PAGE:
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Breast Cancer Charity Under Fire for Overstating Benefits of Screening

Their views were published on August 2 on as part of an occasional series highlighting the exaggerations, distortions, and selective reporting that make some news stories, advertising, and medical journal articles "not so."

A growing and increasingly accepted body of evidence shows that although screening may reduce a woman's chance of dying from breast cancer by a small amount, it also causes major harms, say the authors. And yet, Komen's public advertising campaign gives women no sense that screening is a close call. Instead it states that the key to surviving breast cancer is for women to get screened because "early detection saves lives. The 5-year survival rate for breast cancer when caught early is 98%. When it's not? 23%."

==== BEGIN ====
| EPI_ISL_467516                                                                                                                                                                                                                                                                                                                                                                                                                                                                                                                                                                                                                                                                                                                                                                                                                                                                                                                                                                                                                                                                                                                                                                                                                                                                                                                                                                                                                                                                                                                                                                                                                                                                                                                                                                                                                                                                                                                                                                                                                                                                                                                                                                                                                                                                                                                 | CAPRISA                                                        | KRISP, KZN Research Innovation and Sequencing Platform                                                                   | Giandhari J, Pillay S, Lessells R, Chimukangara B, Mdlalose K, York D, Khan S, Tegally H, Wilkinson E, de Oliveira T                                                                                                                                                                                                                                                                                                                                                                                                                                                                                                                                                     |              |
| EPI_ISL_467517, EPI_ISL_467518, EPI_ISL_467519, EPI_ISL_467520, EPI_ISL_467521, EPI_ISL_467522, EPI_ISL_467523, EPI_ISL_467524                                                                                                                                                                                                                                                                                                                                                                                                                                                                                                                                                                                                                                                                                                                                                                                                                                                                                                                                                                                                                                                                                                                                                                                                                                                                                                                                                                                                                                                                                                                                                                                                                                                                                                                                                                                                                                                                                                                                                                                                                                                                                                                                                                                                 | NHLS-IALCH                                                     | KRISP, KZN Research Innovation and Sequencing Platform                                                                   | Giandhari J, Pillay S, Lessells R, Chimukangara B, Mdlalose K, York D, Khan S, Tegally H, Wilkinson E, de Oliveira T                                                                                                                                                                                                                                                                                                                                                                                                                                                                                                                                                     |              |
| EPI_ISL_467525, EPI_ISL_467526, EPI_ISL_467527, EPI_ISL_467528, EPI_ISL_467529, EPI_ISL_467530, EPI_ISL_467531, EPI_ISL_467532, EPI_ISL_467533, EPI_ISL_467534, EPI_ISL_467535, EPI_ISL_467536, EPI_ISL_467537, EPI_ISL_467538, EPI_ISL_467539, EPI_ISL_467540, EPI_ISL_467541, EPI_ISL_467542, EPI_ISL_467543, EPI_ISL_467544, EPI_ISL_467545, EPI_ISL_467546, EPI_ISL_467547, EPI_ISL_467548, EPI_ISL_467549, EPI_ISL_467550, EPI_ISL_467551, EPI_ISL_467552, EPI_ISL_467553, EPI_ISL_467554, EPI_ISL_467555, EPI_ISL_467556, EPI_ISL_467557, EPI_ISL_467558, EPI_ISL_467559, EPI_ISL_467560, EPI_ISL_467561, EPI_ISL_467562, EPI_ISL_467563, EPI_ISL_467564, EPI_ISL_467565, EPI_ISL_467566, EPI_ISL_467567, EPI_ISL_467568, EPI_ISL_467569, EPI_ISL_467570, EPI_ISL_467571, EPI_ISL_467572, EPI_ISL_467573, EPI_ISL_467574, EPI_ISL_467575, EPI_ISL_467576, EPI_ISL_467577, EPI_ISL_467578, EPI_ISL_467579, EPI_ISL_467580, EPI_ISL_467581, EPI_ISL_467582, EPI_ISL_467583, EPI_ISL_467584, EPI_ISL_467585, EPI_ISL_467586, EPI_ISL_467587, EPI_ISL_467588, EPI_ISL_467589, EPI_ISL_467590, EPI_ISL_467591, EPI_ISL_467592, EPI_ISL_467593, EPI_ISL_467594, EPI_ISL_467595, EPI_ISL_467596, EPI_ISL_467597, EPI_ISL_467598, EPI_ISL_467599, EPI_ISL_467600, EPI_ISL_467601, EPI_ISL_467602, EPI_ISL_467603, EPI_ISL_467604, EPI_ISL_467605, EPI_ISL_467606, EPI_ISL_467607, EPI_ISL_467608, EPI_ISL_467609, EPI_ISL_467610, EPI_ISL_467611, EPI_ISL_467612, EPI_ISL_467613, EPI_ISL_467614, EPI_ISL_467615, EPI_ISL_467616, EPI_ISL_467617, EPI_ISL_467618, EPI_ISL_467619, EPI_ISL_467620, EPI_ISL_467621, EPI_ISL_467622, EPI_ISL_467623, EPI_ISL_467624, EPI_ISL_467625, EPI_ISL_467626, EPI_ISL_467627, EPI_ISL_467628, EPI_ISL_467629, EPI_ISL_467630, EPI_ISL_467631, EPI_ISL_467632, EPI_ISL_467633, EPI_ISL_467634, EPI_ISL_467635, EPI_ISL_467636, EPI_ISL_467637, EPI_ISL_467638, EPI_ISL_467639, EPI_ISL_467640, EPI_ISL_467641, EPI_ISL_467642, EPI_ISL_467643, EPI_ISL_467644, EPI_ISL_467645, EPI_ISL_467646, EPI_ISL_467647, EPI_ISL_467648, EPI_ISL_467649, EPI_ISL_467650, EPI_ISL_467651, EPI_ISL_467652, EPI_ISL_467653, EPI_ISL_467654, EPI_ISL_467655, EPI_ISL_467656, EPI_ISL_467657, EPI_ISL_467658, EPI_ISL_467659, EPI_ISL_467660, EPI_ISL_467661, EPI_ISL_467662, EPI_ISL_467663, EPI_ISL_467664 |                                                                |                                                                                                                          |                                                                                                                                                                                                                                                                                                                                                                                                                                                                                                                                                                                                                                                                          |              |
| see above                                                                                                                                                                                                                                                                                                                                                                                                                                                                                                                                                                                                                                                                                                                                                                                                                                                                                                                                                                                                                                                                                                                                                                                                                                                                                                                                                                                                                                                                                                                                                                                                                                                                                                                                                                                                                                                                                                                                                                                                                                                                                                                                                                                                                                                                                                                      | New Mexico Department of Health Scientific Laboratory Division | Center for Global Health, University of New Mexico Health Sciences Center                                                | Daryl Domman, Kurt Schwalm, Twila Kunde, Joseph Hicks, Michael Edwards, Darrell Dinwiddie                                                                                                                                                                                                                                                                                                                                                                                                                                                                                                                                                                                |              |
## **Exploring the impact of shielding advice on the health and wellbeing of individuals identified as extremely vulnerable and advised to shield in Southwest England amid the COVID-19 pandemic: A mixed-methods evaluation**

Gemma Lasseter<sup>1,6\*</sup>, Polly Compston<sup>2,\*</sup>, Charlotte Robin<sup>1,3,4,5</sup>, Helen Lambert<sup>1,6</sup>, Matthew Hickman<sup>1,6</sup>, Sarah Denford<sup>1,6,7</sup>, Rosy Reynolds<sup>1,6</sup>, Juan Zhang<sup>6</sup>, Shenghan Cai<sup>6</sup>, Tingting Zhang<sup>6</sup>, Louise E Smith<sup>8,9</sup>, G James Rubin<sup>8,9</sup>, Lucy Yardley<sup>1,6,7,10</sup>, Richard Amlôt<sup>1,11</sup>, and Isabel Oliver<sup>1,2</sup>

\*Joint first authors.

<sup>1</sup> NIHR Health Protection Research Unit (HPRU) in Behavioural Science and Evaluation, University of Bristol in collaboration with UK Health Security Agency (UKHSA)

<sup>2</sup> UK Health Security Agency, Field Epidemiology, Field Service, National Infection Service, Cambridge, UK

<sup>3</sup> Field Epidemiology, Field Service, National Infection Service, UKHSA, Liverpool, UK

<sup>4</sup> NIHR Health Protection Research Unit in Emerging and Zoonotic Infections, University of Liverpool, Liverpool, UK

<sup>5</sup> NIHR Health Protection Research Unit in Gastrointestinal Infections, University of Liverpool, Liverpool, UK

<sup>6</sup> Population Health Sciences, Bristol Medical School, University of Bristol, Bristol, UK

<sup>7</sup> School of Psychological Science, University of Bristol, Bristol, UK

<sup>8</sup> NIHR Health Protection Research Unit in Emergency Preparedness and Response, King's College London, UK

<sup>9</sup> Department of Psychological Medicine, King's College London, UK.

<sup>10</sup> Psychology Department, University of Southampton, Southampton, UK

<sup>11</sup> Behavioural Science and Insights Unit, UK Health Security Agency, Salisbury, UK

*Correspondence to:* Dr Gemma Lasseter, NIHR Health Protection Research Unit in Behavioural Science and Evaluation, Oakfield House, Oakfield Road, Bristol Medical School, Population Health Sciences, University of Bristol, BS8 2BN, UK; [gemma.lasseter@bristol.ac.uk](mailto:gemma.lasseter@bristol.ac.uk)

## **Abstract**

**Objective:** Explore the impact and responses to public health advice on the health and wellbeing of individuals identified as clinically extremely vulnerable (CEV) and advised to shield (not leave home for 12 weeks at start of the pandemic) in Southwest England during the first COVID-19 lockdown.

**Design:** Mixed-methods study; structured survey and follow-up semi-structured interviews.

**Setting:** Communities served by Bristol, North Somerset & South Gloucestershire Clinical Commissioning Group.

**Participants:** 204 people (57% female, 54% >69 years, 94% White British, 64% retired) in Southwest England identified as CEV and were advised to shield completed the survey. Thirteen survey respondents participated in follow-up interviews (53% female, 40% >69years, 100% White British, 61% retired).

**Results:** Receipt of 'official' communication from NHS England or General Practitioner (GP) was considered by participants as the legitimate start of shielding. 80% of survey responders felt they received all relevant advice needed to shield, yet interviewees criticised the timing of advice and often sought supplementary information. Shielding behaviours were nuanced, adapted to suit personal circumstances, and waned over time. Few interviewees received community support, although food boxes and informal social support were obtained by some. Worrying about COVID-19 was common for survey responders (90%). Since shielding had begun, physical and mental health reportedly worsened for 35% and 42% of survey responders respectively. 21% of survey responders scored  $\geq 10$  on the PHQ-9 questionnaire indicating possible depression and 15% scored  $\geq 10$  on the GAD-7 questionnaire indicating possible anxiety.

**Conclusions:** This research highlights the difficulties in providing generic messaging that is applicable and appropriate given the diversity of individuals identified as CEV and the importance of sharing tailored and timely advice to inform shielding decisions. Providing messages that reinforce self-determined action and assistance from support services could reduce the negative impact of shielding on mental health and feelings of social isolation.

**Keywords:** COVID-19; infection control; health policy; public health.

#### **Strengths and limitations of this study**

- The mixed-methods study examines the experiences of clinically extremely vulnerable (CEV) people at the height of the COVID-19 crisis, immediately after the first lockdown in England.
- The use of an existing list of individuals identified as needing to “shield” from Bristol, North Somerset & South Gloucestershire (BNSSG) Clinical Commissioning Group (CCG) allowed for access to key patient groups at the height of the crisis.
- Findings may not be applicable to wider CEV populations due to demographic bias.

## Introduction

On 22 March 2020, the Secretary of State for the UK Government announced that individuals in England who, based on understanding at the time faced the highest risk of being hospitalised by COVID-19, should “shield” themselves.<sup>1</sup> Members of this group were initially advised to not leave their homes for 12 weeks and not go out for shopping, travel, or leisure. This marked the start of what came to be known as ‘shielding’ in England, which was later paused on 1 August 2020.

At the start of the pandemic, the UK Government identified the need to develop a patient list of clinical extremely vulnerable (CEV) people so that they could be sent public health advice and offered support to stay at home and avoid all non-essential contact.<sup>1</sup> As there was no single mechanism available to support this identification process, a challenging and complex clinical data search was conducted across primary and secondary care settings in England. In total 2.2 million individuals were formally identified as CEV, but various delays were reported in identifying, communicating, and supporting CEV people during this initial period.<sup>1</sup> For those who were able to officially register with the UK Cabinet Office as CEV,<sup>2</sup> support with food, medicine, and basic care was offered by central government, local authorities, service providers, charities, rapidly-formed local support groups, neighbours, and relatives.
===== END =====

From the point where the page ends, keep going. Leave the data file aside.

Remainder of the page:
Mammography certainly sounds better when stated in terms of improving 5-year survival from 23% to 98%, a difference of 75 percentage points, Schwartz and Woloshin say. But in terms of its actual benefit, mammography can reduce the chance that a woman in her 50s will die from breast cancer over the next 10 years from 0.53% to 0.46%––a difference of 0.07 percentage points.

The Komen advertisement also ignores the harms of screening, they add. For every life saved by mammography, around two to 10 women are over-diagnosed.

"Women need much more than marketing slogans about screening: they need––and deserve––the facts," conclude the authors. "The Komen advertisement campaign failed to provide the facts. Worse, it undermined decision-making by misusing statistics to generate false hope about the benefit of mammography screening.”

Read the article from the British Medical Journal.

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